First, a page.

109 12 ARCHITECTURE AND IMPLEMENTATION 109 (a) Chunks are deleted by setting a chunk header flag to the value discarded. (b) Consumers skip discarded chunks, and update the read-position to the first undiscarded chunk. Figure 35: Deferred deletion in the ring buffer. course, as soon as chunks are invalidated (by being marked as discarded and then passed by the read position), no consumer is able to read them any more. Another possibility is for consumers to build internal data structures, remembering the offset of specific non-discarded chunks, to directly (randomly) access them. They have to take care to check if the chunk is still valid, though, in case another consumer discarded the chunk in the meantime. Aside from being able to mark chunks as discarded, chunks in JEM can also be marked as approved by consumers. This is used to select the chunks that are forwarded to the UI component over the Grid. This means, the decision to forward a chunk can be deferred, as well. There have been measures taken to prevent chunks from staying in non-discarded and non-approved status too long - otherwise, the ring buffer could fill up, leading to possible data loss Ring buffer operations The following list of operations that can be performed on the ring buffer contained in shared memory have been defined and exposed as C API for usage by different JEM components - most importantly the data producers and the main consumer (see sec. 13). In addition to this C API, a Python API was created that resembles the former one and provides the same functionality to Python scripts, enriched with an object-oriented model of the monitoring data chunks for easy usage.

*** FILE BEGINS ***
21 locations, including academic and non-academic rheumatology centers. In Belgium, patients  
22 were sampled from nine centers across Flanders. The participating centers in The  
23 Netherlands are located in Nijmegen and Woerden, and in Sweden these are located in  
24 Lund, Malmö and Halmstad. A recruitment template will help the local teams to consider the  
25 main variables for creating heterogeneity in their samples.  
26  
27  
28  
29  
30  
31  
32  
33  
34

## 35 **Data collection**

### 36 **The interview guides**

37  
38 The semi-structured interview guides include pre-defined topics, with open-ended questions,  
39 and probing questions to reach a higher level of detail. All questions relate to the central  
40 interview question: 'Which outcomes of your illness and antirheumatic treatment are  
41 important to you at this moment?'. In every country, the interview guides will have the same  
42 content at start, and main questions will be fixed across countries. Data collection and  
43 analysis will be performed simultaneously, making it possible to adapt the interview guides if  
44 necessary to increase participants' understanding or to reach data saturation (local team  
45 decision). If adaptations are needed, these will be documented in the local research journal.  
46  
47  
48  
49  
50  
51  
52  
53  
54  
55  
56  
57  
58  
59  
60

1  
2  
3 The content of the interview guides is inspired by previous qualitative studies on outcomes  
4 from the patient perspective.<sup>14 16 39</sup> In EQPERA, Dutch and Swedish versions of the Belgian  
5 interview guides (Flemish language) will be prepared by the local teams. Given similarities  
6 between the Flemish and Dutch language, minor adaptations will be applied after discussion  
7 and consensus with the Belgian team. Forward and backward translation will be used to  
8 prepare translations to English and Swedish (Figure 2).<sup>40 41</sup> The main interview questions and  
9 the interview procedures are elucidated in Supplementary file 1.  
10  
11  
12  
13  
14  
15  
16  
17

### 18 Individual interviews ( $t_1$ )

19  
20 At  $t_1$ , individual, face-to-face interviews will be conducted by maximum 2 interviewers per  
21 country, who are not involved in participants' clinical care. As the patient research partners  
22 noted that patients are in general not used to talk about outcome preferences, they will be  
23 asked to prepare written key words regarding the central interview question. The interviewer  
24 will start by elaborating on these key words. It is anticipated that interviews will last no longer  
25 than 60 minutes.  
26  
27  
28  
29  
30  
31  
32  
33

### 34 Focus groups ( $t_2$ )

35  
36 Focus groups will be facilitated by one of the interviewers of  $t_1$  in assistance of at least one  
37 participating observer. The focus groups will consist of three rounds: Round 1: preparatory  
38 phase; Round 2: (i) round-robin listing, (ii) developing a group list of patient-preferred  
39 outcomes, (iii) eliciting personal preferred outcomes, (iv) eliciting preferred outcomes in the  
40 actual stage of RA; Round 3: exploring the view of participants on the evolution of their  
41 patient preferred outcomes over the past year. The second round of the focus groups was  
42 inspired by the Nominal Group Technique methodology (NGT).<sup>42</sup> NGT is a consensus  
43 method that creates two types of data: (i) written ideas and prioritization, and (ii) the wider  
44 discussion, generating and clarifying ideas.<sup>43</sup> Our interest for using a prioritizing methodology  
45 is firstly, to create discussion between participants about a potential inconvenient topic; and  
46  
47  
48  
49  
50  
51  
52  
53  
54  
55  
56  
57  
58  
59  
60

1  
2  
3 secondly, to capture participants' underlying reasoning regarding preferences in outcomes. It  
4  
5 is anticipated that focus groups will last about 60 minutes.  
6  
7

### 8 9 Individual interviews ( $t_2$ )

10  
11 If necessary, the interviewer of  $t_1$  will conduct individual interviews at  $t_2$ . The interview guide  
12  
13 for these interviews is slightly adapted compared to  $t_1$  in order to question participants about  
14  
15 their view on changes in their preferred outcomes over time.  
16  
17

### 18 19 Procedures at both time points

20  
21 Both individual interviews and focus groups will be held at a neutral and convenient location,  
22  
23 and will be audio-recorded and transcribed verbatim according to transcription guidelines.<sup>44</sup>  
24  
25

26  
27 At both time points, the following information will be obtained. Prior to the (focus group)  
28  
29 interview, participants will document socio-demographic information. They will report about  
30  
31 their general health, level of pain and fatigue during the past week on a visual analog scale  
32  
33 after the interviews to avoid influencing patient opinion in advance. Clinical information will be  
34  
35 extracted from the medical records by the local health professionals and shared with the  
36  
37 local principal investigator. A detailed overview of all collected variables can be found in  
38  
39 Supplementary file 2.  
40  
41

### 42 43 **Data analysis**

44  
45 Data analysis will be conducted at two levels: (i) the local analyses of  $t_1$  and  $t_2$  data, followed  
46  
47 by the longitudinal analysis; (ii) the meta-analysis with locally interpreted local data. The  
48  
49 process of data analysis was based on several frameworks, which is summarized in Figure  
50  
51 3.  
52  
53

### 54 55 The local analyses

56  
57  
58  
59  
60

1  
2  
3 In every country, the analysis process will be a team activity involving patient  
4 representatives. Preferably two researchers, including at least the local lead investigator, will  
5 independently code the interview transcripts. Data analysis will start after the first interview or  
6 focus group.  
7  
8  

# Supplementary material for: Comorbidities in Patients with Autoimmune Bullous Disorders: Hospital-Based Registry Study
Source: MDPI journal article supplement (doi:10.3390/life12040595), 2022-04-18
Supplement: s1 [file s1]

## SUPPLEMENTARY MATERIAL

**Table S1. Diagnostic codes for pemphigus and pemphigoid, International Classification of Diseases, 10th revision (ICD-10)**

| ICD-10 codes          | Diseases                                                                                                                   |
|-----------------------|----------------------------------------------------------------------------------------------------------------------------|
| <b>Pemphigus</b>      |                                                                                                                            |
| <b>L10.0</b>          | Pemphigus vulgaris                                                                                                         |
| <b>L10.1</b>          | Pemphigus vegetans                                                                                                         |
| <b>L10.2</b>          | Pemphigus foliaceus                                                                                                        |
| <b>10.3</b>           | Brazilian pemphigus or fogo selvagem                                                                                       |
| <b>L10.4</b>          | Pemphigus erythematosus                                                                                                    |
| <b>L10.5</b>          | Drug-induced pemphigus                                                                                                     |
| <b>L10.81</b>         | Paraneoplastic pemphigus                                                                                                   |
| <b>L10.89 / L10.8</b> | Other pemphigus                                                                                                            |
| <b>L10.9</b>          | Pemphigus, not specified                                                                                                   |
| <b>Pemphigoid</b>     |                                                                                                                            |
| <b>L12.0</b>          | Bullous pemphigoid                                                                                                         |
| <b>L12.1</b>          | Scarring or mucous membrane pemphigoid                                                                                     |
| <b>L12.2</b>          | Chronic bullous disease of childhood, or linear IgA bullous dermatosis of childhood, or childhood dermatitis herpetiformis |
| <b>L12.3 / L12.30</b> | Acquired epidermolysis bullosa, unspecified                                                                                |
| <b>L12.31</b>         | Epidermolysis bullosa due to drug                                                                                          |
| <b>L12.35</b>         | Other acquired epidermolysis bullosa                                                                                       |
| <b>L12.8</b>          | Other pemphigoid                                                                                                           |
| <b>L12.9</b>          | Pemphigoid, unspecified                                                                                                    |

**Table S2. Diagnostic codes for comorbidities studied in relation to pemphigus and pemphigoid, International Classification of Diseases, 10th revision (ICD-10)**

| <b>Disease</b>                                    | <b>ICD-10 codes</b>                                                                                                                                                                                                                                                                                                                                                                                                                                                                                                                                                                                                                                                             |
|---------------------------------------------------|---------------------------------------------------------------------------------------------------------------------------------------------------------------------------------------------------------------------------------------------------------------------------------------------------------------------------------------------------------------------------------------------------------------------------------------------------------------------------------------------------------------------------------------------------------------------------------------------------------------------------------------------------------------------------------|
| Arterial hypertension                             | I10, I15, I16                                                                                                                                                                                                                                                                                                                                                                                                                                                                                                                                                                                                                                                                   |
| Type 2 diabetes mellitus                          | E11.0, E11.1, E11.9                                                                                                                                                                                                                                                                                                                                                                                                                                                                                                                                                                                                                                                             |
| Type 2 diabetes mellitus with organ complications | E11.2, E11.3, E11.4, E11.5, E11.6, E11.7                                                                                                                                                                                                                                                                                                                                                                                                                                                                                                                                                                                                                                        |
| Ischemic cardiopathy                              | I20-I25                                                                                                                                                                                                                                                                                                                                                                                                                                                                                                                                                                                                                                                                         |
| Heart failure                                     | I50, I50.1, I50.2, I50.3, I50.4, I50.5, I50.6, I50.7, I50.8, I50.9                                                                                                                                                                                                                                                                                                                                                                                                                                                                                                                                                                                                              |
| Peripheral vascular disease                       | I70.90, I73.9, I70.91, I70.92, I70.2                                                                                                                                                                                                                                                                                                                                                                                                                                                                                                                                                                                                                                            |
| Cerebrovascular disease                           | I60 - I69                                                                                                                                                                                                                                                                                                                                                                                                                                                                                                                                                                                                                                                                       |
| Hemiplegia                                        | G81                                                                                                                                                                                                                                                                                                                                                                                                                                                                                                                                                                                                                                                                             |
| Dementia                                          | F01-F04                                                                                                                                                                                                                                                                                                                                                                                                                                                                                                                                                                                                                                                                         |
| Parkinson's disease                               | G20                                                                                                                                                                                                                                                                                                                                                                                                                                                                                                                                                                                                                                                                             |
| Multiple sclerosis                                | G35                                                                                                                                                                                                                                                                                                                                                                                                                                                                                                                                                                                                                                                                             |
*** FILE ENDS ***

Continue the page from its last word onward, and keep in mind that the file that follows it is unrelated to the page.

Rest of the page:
110 110 IV A real time trigger mechanism int32 shmem create(uint32 key, uint32 size, shmemhandle *handle); Creates a block of shared memory of size bytes and prepares the ring buffer structure in it. Each shared memory block is assigned a unique key that can be specified when creating; it s possible to have several distinct shared memory blocks on one machine this way. The shared memory handle stores internal bookkeeping data about the created shared memory and must be passed to all further API calls. int32 shmem connect(uint32 key, uint32 size, shmemhandle *); Attaches to the shared memory block and prepares the synchronization facilities. The first client must in prior create the buffer; there is a convenience function, shmem create or connect, that tries to connect and creates the block on connection failure. int32 shmem disconnect(shmemhandle *); Disconnects from the shared memory pointed to by the handle and destroys that handle. This does not, however, destroy the shared memory block. int32 shmem destroy(shmemhandle *, uint8 force); Destroys the shared memory block pointed to by the handle to free the resources. If further clients are connected to the shared memory, it is not destroyed, unless the force parameter evaluates to true. chunk *shmem acquire chunk(shmemhandle *, uint16 length); By calling this function, a new piece of length bytes (plus the chunk header size) of ring buffer space is reserved to the caller, increasing the write-position. Producers can use this to perform custom write operations on that piece of memory. After finishing writing the data, the magic marker at the beginning of that memory block must be set. uint32 shmem write raw(shmemhandle *, char *data, uint16 length); Writes data to the ring buffer pointed at by the handle in a synchronous (blocking) call. A piece of memory is reserved using shmem acquire chunk internally, the data copied, and the magic marker set. chunk *shmem read(shmemhandle *); Returns the first available data chunk at the read-position. chunkiterator shmem iterate(shmemhandle *, chunk *start); Returns a chunk-iterator pointing at the first available data chunk (if start is unspecified) or pointing to the given start-chunk. This iterator can be dereferenced to get a reference to the currently pointed-at chunk, or incremented to make it point at the next chunk. If no further chunk is available, the iterator points to a sentinel value so consumers can detect that.